Moving Forward in the Management of Acute GvHD - Episode 5

Practical Advice for Implementing the REACH2 Regimen

Targeted Oncology

Key opinion leaders provide community oncologists with advice for implementing the REACH2 regimen to manage patients with acute graft-vs-host disease (GVHD).

Corey Cutler, MD, MPH, FRCPC: Do you have any pearls or anything special about the use of this drug that you’d like to share?

Usama Gergis, MD, MBA: Sure. I want to share 3 points. I’m not sure if they’re pearls, but they’re points. No. 1 is the time to response for ruxolitinib is about a week. This is very important because most of these patients will probably end up dying from acute graft-vs-host disease [GVHD].

Corey Cutler, MD, MPH, FRCPC: And infection.

Usama Gergis, MD, MBA: Right. As a primary cause, and then infections, so it’s very important for us to have that number. It’s not that if your patient is not responding by a week, but you probably should be nudged to be prepared to do something else. So it’s a week.

The second has to do with platelets and this comes from MPN [myeloproliferative neoplasm] [Research Foundation] trials in myelofibrosis. Most patients with acute GVHD will probably have low platelets—not necessarily very low, but around 50s. There are many mechanisms for that. When I first came to my new institution [Sidney Kimmel Cancer Center], there was some resistance to start drugs in people with platelets of 50 per mm3. From my previous experience, we start to give it, and the platelets would go down. But most of the time it will plateau. It will not keep on going down to less than 10 per mm3,and you start transfusing every day. It will probably plateau around 30s or 25 per mm3, but you still have acute graft-vs-host disease and many other mechanisms. In my opinion, the platelets management in acute GVHD is way more complicated than in myelofibrosis.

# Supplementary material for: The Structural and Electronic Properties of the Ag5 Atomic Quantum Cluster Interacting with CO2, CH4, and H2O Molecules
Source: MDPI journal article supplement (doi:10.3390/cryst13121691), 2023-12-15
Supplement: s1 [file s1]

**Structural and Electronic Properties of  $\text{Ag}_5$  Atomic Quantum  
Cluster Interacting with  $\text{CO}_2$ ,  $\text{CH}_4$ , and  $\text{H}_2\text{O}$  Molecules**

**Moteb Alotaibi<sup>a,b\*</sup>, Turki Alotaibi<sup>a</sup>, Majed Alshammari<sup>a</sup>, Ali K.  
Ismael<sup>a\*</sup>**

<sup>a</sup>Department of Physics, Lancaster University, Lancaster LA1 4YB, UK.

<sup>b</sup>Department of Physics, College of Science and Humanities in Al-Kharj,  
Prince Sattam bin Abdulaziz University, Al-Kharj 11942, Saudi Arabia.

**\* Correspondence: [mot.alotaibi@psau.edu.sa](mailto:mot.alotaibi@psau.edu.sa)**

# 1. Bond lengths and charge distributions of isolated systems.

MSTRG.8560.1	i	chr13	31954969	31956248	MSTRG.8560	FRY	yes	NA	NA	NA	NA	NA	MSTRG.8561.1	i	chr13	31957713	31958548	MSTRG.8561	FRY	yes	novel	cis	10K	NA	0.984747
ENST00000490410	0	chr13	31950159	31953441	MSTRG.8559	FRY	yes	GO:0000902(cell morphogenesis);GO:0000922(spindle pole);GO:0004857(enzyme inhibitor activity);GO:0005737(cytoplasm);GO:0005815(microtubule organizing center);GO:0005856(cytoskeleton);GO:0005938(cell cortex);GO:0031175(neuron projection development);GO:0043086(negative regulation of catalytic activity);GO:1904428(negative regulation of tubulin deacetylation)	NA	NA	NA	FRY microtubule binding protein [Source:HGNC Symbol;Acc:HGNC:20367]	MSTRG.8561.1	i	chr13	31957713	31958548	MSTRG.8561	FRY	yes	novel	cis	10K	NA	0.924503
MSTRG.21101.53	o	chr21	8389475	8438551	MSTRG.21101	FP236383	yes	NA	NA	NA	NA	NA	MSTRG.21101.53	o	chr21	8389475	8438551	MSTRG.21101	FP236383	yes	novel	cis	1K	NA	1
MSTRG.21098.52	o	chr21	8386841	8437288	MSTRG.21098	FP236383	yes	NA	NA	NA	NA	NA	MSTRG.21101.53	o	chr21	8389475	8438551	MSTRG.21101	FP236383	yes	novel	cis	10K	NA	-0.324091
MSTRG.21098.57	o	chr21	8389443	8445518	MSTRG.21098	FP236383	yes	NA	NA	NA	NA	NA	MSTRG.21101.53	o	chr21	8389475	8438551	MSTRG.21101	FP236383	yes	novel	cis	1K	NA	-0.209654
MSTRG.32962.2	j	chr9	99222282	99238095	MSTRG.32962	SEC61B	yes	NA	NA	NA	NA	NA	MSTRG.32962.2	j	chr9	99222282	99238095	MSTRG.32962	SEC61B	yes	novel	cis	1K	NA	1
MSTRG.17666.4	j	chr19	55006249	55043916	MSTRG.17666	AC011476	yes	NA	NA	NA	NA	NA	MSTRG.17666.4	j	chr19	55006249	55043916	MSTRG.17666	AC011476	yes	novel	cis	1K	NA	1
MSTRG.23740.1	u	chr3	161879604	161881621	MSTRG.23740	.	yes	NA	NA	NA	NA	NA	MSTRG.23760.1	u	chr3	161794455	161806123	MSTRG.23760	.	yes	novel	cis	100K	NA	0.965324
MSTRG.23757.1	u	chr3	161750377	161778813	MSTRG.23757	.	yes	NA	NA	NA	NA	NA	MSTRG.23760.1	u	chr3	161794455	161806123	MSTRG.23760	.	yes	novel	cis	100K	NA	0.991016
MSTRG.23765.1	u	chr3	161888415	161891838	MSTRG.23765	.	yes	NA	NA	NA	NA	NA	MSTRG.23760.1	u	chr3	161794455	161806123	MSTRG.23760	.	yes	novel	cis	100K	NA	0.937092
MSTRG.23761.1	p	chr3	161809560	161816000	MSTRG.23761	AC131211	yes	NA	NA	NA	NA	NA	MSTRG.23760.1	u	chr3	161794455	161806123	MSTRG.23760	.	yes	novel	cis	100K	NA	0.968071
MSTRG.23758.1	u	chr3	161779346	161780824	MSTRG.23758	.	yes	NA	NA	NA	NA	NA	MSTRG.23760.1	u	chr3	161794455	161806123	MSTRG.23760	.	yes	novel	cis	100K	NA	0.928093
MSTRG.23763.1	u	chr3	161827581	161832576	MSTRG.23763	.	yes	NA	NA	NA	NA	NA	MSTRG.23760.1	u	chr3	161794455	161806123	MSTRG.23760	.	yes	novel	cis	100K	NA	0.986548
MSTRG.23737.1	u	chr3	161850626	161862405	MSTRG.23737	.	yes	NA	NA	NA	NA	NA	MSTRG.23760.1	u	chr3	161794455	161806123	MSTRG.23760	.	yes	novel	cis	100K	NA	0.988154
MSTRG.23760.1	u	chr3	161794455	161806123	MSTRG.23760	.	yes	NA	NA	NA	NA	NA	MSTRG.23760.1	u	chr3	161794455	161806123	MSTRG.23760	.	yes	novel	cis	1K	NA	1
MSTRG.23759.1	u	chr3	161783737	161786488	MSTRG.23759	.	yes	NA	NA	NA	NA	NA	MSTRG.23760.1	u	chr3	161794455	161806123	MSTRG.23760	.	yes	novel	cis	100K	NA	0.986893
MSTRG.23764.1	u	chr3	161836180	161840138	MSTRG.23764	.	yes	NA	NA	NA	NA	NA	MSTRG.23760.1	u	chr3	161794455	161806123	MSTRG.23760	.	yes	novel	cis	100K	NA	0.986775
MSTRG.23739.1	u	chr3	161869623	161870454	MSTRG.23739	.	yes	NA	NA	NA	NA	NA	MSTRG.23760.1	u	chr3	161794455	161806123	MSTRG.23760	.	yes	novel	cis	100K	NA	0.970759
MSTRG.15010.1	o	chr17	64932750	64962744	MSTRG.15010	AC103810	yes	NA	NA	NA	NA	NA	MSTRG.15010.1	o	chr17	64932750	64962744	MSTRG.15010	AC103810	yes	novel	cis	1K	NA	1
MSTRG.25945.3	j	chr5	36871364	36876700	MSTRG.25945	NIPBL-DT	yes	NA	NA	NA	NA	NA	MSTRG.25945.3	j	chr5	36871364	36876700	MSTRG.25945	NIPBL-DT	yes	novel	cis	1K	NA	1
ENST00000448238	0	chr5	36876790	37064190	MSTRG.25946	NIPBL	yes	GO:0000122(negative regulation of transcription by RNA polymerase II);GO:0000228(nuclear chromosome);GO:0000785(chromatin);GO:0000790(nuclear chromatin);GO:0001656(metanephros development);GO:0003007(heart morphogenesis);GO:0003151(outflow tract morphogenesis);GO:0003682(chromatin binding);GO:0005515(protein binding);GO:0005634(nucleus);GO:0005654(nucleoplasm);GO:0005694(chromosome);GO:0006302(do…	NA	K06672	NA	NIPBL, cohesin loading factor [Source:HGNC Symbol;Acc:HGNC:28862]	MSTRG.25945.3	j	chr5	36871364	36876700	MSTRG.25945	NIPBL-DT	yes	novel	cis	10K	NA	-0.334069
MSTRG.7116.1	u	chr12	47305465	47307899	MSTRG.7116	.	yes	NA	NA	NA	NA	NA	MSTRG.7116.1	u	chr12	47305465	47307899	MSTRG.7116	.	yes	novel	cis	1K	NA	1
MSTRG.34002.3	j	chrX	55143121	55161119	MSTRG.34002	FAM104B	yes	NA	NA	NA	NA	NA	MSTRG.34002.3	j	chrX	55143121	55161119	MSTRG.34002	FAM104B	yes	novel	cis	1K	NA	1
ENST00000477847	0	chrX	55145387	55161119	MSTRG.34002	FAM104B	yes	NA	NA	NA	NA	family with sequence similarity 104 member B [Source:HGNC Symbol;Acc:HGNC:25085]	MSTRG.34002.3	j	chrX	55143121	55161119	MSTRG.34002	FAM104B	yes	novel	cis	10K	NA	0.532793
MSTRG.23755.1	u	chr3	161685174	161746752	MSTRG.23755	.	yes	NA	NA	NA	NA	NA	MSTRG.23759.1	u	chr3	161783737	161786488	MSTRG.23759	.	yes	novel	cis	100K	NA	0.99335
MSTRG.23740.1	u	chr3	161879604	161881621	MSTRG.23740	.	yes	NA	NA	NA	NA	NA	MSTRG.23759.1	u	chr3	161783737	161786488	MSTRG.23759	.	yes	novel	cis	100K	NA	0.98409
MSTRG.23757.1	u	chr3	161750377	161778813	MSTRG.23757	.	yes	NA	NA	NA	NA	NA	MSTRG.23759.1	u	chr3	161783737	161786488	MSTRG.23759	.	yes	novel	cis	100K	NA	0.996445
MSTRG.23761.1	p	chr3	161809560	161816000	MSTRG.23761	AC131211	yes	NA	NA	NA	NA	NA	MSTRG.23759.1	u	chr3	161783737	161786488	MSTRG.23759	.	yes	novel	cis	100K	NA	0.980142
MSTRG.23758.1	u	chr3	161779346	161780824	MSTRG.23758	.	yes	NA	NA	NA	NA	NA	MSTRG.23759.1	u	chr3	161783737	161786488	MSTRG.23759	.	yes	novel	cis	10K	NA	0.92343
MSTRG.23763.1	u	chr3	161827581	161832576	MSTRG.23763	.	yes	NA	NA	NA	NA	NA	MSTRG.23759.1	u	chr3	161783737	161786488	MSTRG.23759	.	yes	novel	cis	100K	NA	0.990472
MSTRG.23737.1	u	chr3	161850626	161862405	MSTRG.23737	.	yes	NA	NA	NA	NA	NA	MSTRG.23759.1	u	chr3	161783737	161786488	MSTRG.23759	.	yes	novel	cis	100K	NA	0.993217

Corey Cutler, MD, MPH, FRCPC: Is there a level of thrombocytopenia below which you will not start ruxolitinib? What’s your threshold?

Usama Gergis, MD, MBA: I don’t think there are any data. My data are depending on how bad the acute GVHD is. As I mentioned, there is no level. I’ll get nervous if [platelets are] less than 10,000 per mm3, and obviously these patients will be hospitalized. If I have someone who has acute GVHD and is steroid refractory, grade 4, and I think that ruxolitinib is a good drug and their platelets are 9000 per mm3, I’ll give them platelets and go on.

Corey Cutler, MD, MPH, FRCPC: I’m a little more cautious. I try not to start ruxolitinib when the platelets are below 20,000 per mm3 or so. Above that, I’m pretty cavalier. Below 20,000 I get a little nervous—particularly because these patients often have GI [gastrointestinal] involvement and they tend to bleed. Being really careful about platelet counts is 1 of the important things to consider when we’re dealing with this. But you’re right, transfusions work, and being proactive in taking care of the prothrombin time and the INR [international normalized ratio] in case the patients are very malnourished is 1 way to prevent real bleeding issues.

Transcript edited for clarity.